Best résumé strategies for transitioning troops

In today's job market, if you're not on LinkedIn, you don't exist. Add Twitter and Facebook to your job search, as appropriate.

Let your objective drive the process. Effective résumé-writing focuses on who you want to be in your next position, and not just what you did in the past.

Use the right keywords to support your current objectives. Showcase your transferable skills throughout your résumé: in the summary, branding statement, job descriptions, achievements and more.

Speak the language of your target audience. If you're looking for opportunities in corporate America, eliminate military lingo that means nothing to civilians. Conversely, if focused on defense or government, those same words and acronyms carry important messages. Start with a career summary or profile. When you start with a summary, you're telling a prospective employer what you can do for them. When you start with an objective, you're writing what you want from them. Obviously, the former is more powerful.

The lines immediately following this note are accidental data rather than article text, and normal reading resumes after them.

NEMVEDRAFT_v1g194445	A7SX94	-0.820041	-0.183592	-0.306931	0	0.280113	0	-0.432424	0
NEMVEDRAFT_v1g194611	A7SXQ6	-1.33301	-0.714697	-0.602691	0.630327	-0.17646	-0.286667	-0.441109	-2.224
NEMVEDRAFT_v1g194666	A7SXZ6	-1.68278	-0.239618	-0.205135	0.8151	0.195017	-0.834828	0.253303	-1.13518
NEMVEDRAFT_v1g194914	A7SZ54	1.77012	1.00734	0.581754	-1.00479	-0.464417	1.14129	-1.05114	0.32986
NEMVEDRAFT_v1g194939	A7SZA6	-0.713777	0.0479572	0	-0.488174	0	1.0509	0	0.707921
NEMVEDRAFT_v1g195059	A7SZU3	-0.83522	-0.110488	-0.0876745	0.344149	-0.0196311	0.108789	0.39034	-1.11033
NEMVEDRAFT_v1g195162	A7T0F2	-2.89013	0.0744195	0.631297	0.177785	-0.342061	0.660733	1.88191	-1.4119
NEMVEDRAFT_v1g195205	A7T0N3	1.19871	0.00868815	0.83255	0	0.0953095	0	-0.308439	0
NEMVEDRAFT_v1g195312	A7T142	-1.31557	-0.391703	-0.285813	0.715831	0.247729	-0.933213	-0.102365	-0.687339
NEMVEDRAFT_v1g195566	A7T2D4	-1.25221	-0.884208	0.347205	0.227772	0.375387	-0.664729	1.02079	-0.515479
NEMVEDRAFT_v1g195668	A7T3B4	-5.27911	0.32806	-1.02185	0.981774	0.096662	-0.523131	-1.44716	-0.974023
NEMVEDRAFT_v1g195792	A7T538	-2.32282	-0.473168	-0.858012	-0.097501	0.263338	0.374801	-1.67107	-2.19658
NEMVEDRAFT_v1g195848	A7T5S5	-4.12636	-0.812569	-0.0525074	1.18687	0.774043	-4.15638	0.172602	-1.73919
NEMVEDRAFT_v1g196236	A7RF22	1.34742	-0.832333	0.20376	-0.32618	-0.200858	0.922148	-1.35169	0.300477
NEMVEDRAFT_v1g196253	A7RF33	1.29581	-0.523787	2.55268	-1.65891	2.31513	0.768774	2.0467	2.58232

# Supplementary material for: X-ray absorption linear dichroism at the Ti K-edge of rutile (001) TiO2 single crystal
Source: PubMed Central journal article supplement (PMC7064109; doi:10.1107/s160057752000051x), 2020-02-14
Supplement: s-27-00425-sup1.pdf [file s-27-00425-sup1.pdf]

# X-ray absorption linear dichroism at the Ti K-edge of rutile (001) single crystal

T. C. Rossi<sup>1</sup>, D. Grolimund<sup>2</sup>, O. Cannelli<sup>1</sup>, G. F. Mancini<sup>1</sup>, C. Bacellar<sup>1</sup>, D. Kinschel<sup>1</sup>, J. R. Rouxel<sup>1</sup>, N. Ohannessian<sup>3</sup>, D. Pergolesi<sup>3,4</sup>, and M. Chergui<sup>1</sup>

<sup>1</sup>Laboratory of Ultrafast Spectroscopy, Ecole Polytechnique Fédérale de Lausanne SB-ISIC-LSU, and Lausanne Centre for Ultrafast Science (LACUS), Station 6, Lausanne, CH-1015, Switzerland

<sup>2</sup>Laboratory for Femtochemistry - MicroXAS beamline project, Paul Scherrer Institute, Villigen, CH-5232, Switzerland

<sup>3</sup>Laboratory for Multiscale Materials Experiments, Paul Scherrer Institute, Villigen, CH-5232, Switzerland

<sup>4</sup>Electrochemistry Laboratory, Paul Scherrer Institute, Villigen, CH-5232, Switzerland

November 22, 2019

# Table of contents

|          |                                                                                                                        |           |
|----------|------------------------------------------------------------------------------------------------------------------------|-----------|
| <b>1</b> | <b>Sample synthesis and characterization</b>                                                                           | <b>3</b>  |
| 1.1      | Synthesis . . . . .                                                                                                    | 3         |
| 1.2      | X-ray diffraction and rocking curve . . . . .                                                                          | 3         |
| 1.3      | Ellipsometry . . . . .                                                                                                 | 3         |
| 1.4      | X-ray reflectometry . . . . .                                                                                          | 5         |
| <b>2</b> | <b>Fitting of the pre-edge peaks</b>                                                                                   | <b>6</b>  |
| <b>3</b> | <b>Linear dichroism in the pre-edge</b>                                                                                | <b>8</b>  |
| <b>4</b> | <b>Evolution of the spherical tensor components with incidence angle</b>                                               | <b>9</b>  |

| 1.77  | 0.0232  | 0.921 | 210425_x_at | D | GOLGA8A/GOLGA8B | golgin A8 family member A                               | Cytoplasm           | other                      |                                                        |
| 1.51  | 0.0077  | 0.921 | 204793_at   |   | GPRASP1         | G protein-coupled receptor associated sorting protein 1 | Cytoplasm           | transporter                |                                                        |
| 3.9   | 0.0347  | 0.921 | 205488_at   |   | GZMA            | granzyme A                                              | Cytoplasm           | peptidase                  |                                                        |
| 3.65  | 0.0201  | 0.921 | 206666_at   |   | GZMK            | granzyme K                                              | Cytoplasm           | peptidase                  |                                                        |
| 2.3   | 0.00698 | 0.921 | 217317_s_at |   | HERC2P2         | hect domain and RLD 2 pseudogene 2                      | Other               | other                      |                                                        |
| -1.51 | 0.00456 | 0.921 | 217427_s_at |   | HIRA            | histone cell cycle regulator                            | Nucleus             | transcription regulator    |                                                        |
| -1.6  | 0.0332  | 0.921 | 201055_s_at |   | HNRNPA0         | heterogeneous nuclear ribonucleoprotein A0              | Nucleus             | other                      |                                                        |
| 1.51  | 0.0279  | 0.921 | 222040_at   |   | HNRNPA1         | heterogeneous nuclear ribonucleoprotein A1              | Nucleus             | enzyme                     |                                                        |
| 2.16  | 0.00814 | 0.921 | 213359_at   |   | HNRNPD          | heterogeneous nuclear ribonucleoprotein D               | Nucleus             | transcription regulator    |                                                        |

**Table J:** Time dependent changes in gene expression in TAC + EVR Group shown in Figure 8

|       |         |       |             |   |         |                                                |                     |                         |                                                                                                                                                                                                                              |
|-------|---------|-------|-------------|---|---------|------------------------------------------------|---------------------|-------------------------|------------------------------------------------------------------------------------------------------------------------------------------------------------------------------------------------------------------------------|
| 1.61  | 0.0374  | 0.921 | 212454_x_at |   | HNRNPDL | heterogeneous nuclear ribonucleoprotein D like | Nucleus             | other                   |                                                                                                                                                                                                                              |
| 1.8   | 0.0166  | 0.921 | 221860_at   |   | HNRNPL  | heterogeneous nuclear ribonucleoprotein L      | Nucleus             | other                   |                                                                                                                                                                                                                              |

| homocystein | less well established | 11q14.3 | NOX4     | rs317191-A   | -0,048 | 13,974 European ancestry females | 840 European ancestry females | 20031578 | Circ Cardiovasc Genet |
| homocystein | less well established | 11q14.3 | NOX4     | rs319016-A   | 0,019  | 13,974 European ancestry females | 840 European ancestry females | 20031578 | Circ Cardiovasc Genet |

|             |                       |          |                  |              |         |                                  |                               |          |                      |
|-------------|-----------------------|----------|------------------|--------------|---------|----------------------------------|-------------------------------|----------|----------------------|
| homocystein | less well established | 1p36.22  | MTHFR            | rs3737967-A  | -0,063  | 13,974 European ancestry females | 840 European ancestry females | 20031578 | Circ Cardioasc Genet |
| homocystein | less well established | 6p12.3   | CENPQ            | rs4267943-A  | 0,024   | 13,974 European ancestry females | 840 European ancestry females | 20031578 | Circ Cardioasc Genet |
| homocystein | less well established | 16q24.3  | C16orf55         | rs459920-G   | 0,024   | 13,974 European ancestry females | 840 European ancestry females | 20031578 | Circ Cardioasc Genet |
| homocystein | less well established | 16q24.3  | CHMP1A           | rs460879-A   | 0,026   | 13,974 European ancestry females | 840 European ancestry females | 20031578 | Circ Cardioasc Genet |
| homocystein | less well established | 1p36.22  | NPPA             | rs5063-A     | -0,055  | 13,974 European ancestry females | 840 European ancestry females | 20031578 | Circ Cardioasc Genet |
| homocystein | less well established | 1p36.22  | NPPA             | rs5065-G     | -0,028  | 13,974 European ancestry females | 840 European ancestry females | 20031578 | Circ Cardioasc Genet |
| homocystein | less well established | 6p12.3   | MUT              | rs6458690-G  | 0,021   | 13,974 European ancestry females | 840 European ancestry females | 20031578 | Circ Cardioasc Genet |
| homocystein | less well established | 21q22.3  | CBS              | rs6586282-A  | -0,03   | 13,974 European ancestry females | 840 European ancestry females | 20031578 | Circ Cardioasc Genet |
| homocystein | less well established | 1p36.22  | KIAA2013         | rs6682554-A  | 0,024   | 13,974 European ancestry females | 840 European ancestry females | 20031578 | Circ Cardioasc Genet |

Sell your experience. Don't write dry responsibility statements that tell what you did. Instead, write achievement-focused content that sells how well you did it.

Make it easy to read. Keep your paragraphs and bullets at four to six lines. White space does matter, so add blank lines to let your résumé breathe. No one will read it if it's a chore.

Wendy Enelow is co-author of "Expert Résumés for Military-to-Civilian Transitions" and "Executive Résumé Toolkit."